Thanks to Colleen, I’ve a lot closer to identifying what it is I really want to do, a question of identity/purpose which also strongly correlates with the search for what sparks me and ‘Daveness’. To now, I’ve found that there are “things that I can do”, and “things that I think I’d like doing”. I’ve tested both approaches with varying degrees of success. For example, I can do web development and interactive design and a high level of competency, but they ultimately are just skills. For things I’ve thought I’d like–working for the game industry, freelancing, blogging, forming clubs, and so on–I’ve found the interest is more professional, not motivational. In some cases, like when I taught some formal classes, I found the experience educational but not affirming. I think what I really want is to declare a mission statement that both is grounding and profoundly visionary, so people understand what I’m about. From this, I think my questions regarding “what to sell” and “what services am I offering” will be answered. I’m close. Real close.
I am in the process of shifting my mentality from “Designer” to “Creator”. From there, I will ultimately become “Owner of Some Means of Production.” This is a journey of increasing independence, with the goal of being able to create things of value in the world. I’m not used to thinking this way and I have not experienced what it’s like to be an “owner of production”, so learning how to make that honest buck is taking me some time. However, many of my goals require some financing, so I have an increasing sense of urgency.
Lastly, I’m thinking about how what I’m doing does not have a clear success path. I know, with a fair degree of accuracy, where I stand right now. I also know roughly where I want to go, because I can see it shining distantly on the horizon, but alas: there are no tracks for me to follow. I’m in a kind of desert, wandering as a reluctant Bedouin who intuitively stays clear of other people’s roads which lead away from my personal destiny. Occasionally, I have come across a fellow traveler with whom I can trade, or I stumble upon a welcoming oasis and enjoy the respite, but after wandering for six long years I am finding myself more prone to fatigue. Having Faith in the Journey is one way to keep moving forward, so one can have the will to demonstrate it by putting one foot after the other and trusting that it will all work out. Science provides an alternative model, hypothesizing that the destination itself can be reached through careful experimentation, which draws us forward in rational action. And even if the original hypothesis should fall short, the data from your experiment helps formulate a NEW experiment that will get you closer. After having tried both the way of Faith and the way of Science, I have lost some confidence in them. However, the Wave is showing me that having fellow travelers in a caravan may be the way to keep my strength in the difficult middle stage, between where I am now and where I ultimately want to be. A hybrid approach is beginning to suggest itself.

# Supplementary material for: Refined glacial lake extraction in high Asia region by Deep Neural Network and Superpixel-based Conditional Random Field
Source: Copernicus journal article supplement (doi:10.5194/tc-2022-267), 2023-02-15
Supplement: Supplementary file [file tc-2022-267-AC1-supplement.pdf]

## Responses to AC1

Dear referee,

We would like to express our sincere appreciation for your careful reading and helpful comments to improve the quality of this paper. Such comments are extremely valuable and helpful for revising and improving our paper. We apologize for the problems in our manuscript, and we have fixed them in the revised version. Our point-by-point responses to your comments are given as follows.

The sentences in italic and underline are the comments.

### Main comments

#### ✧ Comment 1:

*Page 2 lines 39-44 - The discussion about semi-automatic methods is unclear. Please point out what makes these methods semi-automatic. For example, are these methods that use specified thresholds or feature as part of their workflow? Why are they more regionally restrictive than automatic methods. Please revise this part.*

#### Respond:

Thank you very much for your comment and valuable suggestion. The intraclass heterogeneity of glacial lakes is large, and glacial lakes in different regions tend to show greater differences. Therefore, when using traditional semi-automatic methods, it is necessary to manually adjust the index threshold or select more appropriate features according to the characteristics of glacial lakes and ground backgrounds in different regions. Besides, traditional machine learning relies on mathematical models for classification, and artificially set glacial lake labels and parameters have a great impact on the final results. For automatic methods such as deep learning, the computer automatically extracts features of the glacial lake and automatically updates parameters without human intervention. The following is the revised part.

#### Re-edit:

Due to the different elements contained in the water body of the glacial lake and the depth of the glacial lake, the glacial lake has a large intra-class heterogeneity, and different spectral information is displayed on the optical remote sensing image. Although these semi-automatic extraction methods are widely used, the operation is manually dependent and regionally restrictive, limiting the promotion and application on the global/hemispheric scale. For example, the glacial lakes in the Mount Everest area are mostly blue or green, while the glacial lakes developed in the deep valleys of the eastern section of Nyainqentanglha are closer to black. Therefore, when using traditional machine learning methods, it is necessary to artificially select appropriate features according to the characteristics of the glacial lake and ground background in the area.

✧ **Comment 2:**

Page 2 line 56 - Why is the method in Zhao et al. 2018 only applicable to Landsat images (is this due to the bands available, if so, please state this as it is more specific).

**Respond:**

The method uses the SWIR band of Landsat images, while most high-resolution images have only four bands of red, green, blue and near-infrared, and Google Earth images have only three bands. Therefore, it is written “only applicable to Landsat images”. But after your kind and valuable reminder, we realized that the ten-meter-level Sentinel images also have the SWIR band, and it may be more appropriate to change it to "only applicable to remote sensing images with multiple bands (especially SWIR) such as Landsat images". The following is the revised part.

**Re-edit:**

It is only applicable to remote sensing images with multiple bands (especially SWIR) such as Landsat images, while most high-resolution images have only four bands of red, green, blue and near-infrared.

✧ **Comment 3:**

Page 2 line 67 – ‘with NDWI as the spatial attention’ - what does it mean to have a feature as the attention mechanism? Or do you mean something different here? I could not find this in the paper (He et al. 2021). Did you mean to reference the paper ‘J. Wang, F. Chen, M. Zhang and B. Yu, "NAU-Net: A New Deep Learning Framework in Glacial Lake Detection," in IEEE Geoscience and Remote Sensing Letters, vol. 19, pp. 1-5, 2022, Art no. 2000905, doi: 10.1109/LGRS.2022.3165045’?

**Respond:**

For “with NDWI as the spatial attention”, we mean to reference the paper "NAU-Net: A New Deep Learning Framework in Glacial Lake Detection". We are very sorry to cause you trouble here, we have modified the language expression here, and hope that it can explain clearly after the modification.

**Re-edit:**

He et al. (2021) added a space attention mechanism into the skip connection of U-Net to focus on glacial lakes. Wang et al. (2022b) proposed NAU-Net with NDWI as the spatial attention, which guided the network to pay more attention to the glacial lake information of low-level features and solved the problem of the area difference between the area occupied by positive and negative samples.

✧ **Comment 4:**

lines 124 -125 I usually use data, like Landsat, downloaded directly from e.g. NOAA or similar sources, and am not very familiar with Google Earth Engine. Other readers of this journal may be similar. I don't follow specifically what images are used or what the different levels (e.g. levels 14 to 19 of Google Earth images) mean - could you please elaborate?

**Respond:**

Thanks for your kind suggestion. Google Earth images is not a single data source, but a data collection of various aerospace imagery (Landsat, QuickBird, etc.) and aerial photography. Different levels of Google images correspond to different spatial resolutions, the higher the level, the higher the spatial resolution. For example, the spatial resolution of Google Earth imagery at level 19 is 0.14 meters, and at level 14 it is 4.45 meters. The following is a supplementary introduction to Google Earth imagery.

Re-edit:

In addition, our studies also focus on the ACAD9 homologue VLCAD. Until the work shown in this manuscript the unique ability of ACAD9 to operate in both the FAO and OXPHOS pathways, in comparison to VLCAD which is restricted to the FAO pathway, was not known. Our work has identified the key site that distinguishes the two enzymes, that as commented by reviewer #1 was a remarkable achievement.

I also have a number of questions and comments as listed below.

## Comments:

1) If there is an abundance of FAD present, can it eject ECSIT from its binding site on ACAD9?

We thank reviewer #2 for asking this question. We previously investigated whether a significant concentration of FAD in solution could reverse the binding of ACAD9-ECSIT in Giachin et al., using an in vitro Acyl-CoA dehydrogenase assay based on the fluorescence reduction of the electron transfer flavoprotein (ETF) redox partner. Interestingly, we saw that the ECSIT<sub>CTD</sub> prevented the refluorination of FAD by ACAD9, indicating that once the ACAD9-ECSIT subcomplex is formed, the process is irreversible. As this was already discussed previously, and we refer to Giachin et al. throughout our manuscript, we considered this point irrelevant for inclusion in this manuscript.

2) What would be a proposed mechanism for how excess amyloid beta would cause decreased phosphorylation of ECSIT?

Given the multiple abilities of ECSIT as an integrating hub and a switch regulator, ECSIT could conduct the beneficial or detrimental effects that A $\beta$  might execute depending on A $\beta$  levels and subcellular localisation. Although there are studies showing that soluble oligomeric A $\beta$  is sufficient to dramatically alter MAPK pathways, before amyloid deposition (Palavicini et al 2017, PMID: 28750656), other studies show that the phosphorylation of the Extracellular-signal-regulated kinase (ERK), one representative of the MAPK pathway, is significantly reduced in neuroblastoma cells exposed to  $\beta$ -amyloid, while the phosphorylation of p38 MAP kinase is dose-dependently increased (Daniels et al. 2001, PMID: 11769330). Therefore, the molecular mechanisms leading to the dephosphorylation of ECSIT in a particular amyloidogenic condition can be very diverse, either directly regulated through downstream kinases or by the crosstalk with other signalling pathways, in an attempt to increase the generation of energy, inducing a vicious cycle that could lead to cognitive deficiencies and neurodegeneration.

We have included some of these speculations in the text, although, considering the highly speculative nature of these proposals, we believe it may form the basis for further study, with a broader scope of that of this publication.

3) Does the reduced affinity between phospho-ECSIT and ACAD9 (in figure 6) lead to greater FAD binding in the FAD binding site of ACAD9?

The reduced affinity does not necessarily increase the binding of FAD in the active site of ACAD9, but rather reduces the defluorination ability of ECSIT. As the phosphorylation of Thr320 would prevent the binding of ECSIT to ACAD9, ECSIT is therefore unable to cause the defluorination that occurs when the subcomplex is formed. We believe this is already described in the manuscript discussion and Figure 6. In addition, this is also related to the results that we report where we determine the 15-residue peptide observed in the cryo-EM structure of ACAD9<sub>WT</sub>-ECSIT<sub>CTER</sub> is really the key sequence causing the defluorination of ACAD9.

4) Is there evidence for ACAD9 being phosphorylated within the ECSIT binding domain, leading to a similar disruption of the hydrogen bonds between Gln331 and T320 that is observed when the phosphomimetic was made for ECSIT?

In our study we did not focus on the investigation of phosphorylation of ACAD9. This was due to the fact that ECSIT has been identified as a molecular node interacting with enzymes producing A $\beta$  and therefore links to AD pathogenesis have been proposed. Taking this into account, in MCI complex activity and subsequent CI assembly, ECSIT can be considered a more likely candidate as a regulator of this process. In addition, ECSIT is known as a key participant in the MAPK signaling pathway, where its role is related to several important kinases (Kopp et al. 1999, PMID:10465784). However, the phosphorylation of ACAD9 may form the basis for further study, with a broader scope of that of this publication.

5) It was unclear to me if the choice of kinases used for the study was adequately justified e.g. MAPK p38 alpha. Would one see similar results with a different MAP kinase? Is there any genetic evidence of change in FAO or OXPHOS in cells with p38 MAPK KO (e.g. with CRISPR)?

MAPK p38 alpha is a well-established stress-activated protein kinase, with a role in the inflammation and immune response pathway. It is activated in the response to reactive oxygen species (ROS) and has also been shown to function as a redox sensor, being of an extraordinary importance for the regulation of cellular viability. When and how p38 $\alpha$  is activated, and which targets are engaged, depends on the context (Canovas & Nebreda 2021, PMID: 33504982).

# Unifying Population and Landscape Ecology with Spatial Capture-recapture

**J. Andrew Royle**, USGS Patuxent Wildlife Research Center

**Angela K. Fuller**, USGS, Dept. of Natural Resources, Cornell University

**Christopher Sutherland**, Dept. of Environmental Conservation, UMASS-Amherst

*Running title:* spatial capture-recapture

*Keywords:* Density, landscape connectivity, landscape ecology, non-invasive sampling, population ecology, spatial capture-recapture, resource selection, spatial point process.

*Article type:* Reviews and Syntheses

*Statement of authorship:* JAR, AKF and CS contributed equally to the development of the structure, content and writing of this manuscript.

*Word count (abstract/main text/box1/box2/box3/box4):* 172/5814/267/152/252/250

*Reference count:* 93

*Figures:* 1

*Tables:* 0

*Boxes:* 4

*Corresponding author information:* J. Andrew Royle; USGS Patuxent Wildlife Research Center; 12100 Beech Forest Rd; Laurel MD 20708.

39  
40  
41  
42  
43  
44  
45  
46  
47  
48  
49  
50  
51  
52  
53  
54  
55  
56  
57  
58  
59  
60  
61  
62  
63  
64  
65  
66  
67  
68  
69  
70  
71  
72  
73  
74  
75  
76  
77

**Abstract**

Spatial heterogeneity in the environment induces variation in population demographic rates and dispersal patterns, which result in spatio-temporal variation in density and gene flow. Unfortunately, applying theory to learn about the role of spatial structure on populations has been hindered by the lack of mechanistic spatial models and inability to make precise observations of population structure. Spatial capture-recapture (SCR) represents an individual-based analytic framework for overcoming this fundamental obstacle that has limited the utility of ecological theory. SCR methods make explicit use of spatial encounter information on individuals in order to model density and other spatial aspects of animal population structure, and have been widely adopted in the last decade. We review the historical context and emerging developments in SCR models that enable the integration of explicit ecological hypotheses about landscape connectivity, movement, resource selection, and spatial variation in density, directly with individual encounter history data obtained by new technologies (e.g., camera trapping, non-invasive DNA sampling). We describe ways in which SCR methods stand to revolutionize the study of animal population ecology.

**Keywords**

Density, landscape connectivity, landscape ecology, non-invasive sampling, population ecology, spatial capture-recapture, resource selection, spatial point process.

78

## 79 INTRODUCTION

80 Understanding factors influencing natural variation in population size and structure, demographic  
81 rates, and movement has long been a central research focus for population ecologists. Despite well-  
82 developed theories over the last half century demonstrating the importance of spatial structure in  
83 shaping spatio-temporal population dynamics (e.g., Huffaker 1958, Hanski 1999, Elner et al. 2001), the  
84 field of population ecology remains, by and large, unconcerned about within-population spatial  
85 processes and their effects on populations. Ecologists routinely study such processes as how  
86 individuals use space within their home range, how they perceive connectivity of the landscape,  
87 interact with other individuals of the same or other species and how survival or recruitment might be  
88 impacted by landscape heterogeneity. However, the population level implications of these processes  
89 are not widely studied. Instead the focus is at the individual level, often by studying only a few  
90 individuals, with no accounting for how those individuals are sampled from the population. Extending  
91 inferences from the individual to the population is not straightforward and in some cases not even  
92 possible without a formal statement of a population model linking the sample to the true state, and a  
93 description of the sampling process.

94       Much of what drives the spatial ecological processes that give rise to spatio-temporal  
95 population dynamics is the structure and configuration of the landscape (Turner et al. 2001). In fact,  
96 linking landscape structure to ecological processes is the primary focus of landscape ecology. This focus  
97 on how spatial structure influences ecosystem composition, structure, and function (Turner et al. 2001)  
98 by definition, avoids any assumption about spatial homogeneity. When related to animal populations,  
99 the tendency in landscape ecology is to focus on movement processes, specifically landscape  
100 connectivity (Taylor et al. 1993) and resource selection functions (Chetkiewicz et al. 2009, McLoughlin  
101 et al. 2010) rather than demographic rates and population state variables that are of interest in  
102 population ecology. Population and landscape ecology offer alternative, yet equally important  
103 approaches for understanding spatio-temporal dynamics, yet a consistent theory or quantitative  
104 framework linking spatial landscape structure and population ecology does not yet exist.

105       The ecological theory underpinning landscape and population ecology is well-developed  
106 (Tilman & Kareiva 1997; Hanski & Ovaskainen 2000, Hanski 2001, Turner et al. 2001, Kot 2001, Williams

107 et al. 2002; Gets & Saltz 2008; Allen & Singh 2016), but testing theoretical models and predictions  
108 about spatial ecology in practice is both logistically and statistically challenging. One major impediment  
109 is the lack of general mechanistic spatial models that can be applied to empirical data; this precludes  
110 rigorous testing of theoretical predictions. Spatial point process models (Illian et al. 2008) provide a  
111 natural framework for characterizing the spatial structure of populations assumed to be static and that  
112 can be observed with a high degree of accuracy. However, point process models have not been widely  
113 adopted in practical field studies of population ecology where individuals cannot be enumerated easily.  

p>Throughout this week I’ll try to maintain continuity on these four ideas. We’ll see how it turns out.
UPDATE: All good things come to an end. Communication in the wave (or rather, in Rizzoma, since Google Wave went offline years ago) has moved into standby as of March 2013. It’s been a good 3+ year run!)